The waxing and waning of enthusiasm for the deal was part of robust debate on the business pages of the country’s newspapers as politicians, economists, business leaders, commentators and journalists considered the merits of the Chinalco proposal. Media academic Aeron Davis refers to this sort of debate as an elite discourse network — where a tiny group of people in powerful positions talk to and about each other in the financial pages of national newspapers.[3] This was elite debate, but at least there was debate. After the Ausgrid decision Morrison effectively called for the end of debate — at issue was security and questions would not be answered.

Moral Panic over the Port

In 1972, Stanley Cohen popularised the term ‘moral panic’: a situation where ‘claims-makers’, often politicians with the help of media, galvanise public support against a ‘folk devil’ — an ‘unambiguously unfavourable’ actor. [4] The ‘folk devil’ in Chinese foreign direct investment in Australia in the 2010s was the AU$506m sale of a 99-year lease of the Port of Darwin in 2015 to a subsidiary of Shandong Landbridge.

The sale by the Country Liberal-led Northern Territory government was, at the time, exempt from FIRB investigation. In the rancorous aftermath — where hundreds of articles questions if this was a danger to national security — Scott Morrison suggested that the federal government barely knew the sale was taking place. If that was true, he was not the only one not paying close attention. The sale initially attracted thirty-three bidders. Yet The Australian covered it in passing in just nine round-up stories before the deal closed on 13 October, 2015. The AFR showed a little more interest, with twenty stories that mentioned the sale, including eleven explicitly focusing on the bidders. Landbridge was first mentioned as a bidder just one month before the deal was due to close. This stands in contrast with the forensic coverage of other previous foreign direct investment deals such as the Rio Tinto or later Ausgrid examples.

Even when the Port of Darwin lease deal was announced and in the first few days following, there were few stories. Journalists were slow to grasp the security implications, which later became an all-consuming focus of reporting. At first, The Australian focused on the windfall for the ‘cash-strapped NT state’ as well as lauding Landbridge’s plans to improve the port’s refrigeration storage facilities for beef exports. The AFR focused on Landbridge’s plan to expand the port to accommodate cruise ships and build luxury hotels, potentially transforming the tourist economy of the Top End. The SMH didn’t report the deal at all.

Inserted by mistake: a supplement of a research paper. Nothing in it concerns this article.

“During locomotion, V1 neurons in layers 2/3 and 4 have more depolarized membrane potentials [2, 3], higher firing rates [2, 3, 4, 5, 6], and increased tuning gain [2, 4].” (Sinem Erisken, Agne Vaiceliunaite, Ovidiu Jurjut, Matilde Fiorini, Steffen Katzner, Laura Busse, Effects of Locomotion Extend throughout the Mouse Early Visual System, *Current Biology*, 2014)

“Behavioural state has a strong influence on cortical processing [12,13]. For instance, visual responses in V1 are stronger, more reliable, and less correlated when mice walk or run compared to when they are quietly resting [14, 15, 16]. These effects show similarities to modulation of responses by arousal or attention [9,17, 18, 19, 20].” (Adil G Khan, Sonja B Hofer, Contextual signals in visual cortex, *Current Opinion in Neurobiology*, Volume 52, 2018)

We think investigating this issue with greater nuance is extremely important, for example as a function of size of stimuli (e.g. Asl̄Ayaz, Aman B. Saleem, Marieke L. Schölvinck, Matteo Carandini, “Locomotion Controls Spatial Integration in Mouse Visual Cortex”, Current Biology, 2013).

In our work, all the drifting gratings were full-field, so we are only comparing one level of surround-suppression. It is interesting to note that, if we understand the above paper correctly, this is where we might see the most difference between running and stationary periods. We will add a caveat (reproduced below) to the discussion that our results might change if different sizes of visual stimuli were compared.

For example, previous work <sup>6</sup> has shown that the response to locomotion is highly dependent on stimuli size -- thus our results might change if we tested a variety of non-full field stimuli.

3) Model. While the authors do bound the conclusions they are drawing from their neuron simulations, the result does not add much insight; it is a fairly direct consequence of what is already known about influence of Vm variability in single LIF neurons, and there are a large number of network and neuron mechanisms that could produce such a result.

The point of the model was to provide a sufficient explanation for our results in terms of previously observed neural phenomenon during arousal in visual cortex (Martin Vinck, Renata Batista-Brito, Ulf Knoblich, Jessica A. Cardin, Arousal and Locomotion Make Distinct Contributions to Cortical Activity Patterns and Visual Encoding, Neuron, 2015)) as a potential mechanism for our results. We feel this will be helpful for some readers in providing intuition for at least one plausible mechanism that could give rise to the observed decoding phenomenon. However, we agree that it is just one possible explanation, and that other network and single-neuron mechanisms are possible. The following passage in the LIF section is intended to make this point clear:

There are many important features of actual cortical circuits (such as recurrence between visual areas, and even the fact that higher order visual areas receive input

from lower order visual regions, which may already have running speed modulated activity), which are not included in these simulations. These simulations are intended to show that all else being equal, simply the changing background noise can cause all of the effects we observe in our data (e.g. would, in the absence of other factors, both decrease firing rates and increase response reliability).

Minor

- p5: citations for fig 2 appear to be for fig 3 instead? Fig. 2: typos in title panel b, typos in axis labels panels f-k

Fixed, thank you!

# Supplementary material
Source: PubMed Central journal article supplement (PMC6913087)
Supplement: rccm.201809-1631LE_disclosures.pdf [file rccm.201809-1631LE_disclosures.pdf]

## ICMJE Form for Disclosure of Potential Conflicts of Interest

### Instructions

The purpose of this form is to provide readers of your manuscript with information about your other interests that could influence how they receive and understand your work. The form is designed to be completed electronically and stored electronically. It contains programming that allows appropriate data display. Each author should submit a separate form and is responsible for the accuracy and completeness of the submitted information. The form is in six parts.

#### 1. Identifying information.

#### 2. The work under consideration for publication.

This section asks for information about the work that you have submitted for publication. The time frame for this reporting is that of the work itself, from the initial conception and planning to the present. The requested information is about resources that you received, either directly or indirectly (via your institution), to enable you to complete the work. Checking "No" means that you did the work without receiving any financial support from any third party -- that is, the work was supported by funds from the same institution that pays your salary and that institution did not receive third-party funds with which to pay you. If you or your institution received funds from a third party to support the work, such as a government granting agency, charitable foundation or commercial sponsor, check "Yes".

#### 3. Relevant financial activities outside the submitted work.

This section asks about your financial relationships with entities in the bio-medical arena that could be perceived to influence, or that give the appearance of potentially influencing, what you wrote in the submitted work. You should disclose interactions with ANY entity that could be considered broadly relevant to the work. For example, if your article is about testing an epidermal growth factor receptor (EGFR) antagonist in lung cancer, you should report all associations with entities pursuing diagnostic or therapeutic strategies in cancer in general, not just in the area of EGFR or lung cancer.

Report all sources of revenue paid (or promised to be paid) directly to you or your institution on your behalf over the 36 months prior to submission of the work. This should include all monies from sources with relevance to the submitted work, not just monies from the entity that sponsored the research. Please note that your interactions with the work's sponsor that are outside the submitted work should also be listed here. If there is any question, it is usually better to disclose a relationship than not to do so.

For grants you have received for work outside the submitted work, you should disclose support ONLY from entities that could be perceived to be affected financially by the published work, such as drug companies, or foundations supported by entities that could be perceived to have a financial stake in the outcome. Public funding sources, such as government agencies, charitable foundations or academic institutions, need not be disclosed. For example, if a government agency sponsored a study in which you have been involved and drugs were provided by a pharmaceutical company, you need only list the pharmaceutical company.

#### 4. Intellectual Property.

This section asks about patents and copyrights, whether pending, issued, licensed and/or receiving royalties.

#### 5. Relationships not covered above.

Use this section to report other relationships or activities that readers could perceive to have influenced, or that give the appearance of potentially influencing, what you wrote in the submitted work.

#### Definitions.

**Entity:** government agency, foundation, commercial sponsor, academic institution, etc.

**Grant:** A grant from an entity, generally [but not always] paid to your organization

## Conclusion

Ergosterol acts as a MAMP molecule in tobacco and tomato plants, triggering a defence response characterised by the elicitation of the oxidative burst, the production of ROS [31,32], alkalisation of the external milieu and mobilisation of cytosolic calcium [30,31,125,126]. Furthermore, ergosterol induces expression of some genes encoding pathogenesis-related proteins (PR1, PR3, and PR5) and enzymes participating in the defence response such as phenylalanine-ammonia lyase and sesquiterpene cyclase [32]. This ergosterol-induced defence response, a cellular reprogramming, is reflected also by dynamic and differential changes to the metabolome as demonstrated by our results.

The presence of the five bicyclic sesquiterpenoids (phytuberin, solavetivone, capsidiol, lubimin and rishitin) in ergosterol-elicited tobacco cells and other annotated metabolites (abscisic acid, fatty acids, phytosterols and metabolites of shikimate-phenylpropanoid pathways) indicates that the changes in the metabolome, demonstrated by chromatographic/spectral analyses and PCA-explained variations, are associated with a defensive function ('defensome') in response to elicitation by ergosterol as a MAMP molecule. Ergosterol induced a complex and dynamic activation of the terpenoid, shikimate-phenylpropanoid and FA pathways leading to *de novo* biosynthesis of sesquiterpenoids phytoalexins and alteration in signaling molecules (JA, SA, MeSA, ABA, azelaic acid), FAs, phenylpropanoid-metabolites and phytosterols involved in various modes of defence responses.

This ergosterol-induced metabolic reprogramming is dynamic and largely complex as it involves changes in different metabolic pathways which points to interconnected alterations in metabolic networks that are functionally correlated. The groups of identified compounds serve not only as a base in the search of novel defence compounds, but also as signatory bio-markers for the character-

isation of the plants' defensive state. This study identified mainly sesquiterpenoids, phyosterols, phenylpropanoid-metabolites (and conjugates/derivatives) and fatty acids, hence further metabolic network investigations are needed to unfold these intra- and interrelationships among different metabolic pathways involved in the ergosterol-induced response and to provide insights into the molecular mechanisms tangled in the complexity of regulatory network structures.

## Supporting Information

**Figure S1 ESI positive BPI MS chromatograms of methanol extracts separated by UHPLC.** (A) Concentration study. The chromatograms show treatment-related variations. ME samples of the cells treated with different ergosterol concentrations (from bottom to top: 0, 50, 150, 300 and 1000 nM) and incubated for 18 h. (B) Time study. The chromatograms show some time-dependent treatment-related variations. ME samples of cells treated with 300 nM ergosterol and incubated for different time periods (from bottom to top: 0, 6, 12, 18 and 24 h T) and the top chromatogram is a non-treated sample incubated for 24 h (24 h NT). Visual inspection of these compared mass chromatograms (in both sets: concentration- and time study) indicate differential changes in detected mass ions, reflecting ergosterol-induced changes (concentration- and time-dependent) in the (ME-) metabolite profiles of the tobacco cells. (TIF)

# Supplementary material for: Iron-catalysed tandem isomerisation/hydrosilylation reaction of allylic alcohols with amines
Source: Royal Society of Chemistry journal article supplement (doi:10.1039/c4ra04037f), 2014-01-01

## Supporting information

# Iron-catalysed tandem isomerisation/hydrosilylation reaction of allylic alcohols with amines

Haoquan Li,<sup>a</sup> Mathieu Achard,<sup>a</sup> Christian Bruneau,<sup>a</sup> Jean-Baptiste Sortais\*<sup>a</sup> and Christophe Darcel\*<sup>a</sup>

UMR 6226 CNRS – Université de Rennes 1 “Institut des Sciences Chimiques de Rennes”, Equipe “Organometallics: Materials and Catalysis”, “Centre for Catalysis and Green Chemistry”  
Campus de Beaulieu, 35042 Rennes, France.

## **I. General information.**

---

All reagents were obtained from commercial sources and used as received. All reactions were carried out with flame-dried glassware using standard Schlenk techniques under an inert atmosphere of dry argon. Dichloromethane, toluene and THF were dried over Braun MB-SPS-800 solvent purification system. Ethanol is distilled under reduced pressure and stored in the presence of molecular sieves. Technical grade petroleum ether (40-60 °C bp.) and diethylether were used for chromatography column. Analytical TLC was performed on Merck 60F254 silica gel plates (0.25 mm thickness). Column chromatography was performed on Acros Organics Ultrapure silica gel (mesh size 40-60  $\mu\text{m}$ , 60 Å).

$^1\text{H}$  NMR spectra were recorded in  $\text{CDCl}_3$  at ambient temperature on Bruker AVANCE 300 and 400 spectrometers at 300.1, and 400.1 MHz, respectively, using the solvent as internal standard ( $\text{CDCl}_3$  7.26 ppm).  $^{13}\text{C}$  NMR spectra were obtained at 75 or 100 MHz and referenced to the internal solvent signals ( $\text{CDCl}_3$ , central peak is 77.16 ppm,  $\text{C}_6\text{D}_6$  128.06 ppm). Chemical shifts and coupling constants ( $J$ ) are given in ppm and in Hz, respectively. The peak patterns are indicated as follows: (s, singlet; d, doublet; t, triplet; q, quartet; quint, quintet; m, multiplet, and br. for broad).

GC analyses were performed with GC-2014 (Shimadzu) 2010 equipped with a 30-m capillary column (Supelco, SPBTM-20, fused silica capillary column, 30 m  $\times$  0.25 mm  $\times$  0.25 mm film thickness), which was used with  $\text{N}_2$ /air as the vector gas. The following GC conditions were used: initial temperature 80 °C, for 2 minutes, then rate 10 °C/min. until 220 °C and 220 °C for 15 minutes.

It took two days after the deal had first been announced before the first journalists raised security concerns. In a 15 October story entitled Senior Defence official raises security concerns over Darwin port lease to Chinese-owned company Landbridge, the ABC’s political editor Chris Uhlmann quoted an ‘unnamed senior defence official’. This marked the start of a years-long dissection of the anatomy of the deal, which worked to whip up a moral panic. Within a month, The Australian would publish an exclusive story based on unnamed defence sources claiming that Landbridge was ‘a commercial front for the PLA’. Thereafter, despite its denials, the company was regularly referred to in the press as being ‘PLA-linked’.


In the beginning, the sale of a 99-year lease of 50.4 per cent of Ausgrid, the poles-and-wires infrastructure business in NSW, seemed uncontroversial. Chinese corporations had invested in Australia’s energy sector for several years, and owned generation, transmission and retail energy companies. The deal was just one in a number of privatisations planned as part of Premier Mike Baird’s ‘asset recycling’ scheme — whereby the NSW government planned to use the proceeds of infrastructure sales to invest in further state-wide infrastructure improvements. Indicative bids were due in February 2016, with completion due mid-year. Press coverage of the deal was extensive — almost 100 stories written in The Australian, 140 in the AFR, and 25 in the SMH from the start of the year. But how they covered the deal differs significantly before and after the July 2016 federal election.

The election was a close one. The Coalition held the House of Representatives by just one seat, and did not have a majority in the Senate. The Senate saw a return from the political wilderness for Pauline Hanson’s One Nation party, which won four seats, and held similar anti-China sentiment to independent Senators Bob Katter and Nick Xenophon; they all demanded greater influence over policy. The number of seats held by representatives of smaller parties and independents led to journalists quoting them more frequently and at greater length. Populist and hardline protectionist statements appeared more often in the business pages of publications which had previously editorialised in favour of free market principles.

In press coverage of the Ausgrid deal, both politicians outside government and inside the Coalition, where nationalist factions were gaining power, raised national security concerns with increasing frequency.